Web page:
On April 6, 2021, an en banc panel of the U.S. Fifth Circuit Court of Appeal decided Brackeen v. Haaland, a case challenging the constitutionality of the Indian Child Welfare Act (ICWA). Read the full decision here.
The good news is (1) this decision does not apply in California nor in any state in the Ninth Circuit; and (2) it generally affirms the ICWA’s overall constitutionality.
The 325-page decision is a split authority on many of the ICWA’s specific provisions. CILS will continue to analyze the complexities of the various opinions and will provide further updates as warranted.
However, per our preliminary review, a majority of the Fifth Circuit found three portions of the ICWA unconstitutional under the anticommandeering doctrine:
- 25 USC 1912(d) – active efforts requirement as applied to state agencies;
- 25 USC 1912(e) and (f) – testimony of a qualified expert witness; and,
- 25 USC 1915(e) – placement record-keeping requirements.
The anticommandeering doctrine, which springs from the Tenth Amendment, says that the federal government cannot make states adopt federal laws as their own nor enforce those laws. It’s important to remember that in states like California, which have codified the ICWA into state law; the anticommandeering doctrine cannot be used to invalidate state law because it only addresses the compulsory adoption and enforcement of federal laws.
Flowing from the anticommandeering holdings, the Fifth Circuit also held certain related portions of the BIA’s 2016 ICWA regulations to be invalid. California has already incorporated those regulations into state law (as of 2019 via AB 3176), so ICWA cases here will be unaffected for the same reasons as above.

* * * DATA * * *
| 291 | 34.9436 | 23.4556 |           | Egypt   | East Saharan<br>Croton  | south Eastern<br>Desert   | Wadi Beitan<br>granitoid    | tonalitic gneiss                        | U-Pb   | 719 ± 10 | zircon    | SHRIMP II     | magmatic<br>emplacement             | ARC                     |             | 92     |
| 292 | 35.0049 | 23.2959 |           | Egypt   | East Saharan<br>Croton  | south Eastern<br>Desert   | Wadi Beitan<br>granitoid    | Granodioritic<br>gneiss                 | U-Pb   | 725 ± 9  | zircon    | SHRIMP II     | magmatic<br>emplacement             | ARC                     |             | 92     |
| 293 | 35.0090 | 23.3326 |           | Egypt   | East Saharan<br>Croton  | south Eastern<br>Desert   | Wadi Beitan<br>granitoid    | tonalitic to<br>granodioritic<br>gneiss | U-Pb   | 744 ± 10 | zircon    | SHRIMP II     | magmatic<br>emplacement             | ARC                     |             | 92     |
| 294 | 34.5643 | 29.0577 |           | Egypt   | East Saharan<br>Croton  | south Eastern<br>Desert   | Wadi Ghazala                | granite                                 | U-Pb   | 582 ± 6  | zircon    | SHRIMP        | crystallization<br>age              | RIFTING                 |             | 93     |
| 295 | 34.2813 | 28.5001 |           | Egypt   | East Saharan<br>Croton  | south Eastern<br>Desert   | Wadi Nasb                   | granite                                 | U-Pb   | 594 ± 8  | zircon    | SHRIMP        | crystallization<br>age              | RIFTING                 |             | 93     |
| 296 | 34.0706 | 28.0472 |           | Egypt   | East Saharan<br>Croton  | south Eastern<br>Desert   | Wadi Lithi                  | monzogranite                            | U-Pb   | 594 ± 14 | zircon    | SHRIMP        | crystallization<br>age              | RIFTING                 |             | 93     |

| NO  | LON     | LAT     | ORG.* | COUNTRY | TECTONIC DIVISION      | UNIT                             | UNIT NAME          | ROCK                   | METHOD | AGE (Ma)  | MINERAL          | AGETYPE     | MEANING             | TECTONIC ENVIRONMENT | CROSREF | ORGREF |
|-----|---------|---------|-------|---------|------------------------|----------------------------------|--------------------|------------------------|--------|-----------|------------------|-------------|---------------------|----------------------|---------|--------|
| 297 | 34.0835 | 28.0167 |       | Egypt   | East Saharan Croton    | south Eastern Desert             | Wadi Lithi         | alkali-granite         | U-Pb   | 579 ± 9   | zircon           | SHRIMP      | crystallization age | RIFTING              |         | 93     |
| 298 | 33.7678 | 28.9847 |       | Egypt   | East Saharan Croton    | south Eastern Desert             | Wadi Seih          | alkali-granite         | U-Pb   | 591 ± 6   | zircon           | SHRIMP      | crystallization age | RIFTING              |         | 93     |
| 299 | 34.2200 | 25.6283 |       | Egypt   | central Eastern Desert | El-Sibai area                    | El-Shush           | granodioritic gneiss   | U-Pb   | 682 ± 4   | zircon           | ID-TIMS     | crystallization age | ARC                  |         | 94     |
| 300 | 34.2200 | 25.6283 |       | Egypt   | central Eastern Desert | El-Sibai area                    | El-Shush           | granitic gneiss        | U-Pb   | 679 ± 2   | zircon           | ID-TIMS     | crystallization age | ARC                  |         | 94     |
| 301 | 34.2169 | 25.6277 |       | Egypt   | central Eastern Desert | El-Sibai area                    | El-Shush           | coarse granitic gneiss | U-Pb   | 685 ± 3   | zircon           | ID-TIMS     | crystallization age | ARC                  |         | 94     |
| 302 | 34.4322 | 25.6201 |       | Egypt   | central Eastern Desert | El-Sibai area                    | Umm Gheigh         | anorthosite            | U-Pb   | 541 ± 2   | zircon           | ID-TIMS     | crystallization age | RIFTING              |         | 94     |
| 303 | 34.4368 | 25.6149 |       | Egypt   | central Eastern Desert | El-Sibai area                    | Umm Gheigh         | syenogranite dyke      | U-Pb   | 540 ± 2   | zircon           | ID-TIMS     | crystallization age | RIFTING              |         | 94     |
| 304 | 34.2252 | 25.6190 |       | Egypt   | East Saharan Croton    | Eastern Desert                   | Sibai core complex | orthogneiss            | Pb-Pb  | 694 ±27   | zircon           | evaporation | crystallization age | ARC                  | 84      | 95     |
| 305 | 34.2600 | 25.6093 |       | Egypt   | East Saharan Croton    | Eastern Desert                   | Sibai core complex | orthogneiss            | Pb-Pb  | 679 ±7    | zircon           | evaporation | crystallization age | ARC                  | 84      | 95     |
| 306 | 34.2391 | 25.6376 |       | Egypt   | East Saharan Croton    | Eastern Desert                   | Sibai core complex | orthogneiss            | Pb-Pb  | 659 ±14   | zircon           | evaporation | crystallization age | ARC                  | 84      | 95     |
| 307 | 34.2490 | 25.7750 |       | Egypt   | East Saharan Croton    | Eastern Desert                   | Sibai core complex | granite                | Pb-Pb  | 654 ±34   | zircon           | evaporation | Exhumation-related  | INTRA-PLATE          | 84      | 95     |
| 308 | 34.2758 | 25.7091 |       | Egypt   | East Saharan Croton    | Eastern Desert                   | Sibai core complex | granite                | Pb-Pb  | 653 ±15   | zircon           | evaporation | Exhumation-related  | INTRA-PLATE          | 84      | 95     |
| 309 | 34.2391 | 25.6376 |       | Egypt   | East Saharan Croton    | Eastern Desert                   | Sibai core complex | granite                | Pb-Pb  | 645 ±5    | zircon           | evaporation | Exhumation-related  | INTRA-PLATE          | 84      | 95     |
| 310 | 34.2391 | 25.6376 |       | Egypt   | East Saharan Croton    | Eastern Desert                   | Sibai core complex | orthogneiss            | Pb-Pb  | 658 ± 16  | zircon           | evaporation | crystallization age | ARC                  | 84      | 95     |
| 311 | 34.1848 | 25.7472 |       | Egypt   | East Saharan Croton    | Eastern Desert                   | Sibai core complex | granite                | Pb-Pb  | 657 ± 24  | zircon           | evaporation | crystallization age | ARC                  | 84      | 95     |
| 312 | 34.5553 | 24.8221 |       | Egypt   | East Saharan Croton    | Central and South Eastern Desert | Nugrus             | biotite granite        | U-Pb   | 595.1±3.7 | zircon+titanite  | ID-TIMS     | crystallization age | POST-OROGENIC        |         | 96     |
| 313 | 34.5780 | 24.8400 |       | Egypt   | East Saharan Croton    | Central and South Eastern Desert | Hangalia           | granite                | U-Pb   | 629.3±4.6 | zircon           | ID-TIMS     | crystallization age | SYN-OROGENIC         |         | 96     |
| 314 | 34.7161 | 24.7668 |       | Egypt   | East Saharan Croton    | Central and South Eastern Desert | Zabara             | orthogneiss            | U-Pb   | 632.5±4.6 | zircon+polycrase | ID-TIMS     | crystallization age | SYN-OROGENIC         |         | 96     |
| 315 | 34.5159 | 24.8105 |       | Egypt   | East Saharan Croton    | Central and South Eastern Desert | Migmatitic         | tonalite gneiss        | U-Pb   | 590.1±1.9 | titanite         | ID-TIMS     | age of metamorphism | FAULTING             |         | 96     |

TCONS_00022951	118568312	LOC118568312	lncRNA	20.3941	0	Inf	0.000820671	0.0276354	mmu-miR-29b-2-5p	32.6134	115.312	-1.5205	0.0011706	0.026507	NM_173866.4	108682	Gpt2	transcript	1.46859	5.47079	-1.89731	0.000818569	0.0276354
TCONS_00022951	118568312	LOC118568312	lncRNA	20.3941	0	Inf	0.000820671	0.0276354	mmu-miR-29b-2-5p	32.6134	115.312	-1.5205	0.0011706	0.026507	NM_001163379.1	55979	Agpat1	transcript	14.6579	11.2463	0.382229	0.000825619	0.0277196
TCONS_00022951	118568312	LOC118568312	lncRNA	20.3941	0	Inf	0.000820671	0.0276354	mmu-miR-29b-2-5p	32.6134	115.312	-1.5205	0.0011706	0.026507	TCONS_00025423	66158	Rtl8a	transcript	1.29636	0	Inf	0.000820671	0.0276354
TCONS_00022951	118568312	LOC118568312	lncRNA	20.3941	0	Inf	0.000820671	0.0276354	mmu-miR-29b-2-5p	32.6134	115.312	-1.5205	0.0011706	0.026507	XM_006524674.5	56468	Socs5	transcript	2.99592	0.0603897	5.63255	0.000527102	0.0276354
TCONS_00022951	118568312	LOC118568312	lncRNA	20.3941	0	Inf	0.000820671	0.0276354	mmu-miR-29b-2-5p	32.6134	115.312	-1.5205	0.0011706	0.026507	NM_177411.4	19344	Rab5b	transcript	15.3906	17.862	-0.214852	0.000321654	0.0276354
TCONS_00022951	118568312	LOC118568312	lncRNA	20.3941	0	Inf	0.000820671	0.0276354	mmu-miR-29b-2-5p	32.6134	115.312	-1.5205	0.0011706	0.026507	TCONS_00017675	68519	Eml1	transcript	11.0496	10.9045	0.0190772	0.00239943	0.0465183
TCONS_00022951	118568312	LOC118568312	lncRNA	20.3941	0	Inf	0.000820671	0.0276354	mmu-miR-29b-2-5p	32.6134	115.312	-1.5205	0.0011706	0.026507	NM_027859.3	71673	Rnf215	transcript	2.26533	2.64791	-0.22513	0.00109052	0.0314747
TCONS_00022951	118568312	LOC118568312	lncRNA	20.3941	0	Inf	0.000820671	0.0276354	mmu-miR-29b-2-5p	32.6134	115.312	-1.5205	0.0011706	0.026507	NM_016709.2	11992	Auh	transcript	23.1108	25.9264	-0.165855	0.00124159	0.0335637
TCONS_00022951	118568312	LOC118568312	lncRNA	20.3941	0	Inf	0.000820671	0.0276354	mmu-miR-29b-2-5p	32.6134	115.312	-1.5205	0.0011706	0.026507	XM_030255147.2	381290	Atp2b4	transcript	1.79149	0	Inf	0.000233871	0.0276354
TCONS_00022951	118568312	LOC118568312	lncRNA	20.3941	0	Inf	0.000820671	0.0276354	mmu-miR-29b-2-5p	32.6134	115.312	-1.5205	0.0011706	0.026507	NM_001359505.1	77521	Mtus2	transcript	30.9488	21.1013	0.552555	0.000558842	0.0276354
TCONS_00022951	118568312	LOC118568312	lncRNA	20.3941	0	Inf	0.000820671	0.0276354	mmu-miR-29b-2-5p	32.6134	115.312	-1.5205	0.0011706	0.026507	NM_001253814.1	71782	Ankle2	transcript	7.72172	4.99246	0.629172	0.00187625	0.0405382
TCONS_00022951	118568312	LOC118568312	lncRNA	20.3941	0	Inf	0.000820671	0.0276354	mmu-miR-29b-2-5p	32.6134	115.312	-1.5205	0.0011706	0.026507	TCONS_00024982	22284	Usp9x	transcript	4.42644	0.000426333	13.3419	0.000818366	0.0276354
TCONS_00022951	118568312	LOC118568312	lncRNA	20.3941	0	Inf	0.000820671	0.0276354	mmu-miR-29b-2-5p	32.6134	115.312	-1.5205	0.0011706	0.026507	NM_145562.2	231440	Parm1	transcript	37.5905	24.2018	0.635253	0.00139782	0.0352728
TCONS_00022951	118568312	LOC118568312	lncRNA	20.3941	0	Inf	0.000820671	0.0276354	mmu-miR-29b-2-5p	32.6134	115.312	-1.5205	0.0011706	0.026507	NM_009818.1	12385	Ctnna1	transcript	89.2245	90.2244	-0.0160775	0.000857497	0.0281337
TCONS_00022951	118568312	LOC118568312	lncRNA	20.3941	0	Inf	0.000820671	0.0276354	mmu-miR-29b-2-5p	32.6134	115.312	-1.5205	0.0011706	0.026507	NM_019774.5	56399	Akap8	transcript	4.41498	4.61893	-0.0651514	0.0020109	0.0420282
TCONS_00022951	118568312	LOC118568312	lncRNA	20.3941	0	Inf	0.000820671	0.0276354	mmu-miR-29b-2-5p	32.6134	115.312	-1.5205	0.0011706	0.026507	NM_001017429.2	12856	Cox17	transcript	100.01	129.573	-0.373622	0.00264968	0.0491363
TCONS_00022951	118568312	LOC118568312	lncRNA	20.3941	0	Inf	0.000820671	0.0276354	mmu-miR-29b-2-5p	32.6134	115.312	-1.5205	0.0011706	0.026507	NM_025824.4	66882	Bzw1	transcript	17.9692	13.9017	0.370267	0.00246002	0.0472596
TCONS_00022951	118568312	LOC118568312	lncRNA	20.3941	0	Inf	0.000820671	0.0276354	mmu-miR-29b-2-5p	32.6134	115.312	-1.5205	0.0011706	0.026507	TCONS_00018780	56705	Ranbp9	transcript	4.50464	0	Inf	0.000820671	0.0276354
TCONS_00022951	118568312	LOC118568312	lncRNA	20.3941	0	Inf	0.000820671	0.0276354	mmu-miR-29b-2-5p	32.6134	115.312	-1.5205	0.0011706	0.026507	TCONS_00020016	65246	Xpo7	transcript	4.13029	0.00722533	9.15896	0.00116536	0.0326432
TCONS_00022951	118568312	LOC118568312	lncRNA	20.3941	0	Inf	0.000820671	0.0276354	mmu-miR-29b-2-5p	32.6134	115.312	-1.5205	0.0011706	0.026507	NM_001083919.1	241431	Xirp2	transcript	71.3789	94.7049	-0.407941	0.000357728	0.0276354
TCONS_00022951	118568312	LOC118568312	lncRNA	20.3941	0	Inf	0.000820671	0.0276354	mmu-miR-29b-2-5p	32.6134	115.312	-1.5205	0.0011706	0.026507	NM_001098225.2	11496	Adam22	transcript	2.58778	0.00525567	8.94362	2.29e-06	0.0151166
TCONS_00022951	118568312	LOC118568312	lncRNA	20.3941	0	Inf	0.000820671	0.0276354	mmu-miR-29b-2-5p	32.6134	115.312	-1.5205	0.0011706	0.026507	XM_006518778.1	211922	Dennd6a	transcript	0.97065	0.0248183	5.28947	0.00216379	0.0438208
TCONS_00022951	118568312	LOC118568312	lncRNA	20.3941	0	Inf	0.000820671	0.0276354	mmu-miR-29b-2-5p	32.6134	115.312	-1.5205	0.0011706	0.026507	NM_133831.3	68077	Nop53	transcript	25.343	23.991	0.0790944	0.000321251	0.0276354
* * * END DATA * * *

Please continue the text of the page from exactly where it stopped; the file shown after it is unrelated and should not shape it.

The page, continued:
There is a strong likelihood that one or both parties will ask for a review by the U.S. Supreme Court. The Supreme Court accepts very few of the many petitions for review it receives, although the chances of it granting certiorari do increase with the creation of a split amongst the federal appellate courts, as the Brackeen decision does.
It is worth noting the lead portion of the decision calls out the fact that the states challenging the ICWA’s constitutionality (Texas, Louisiana, Indiana, and Ohio with its amicus brief) are home to only a tiny fraction of the nation’s Indian tribes and citizens, while the 26 states who came out in favor of the law, including California, are home to a vast majority of both.
Again, CILS will have further analysis to offer as we work our way through this lengthy decision. We will continue to monitor the case if a review is sought and will continue to be watchful for attempts to push anti-ICWA arguments in California.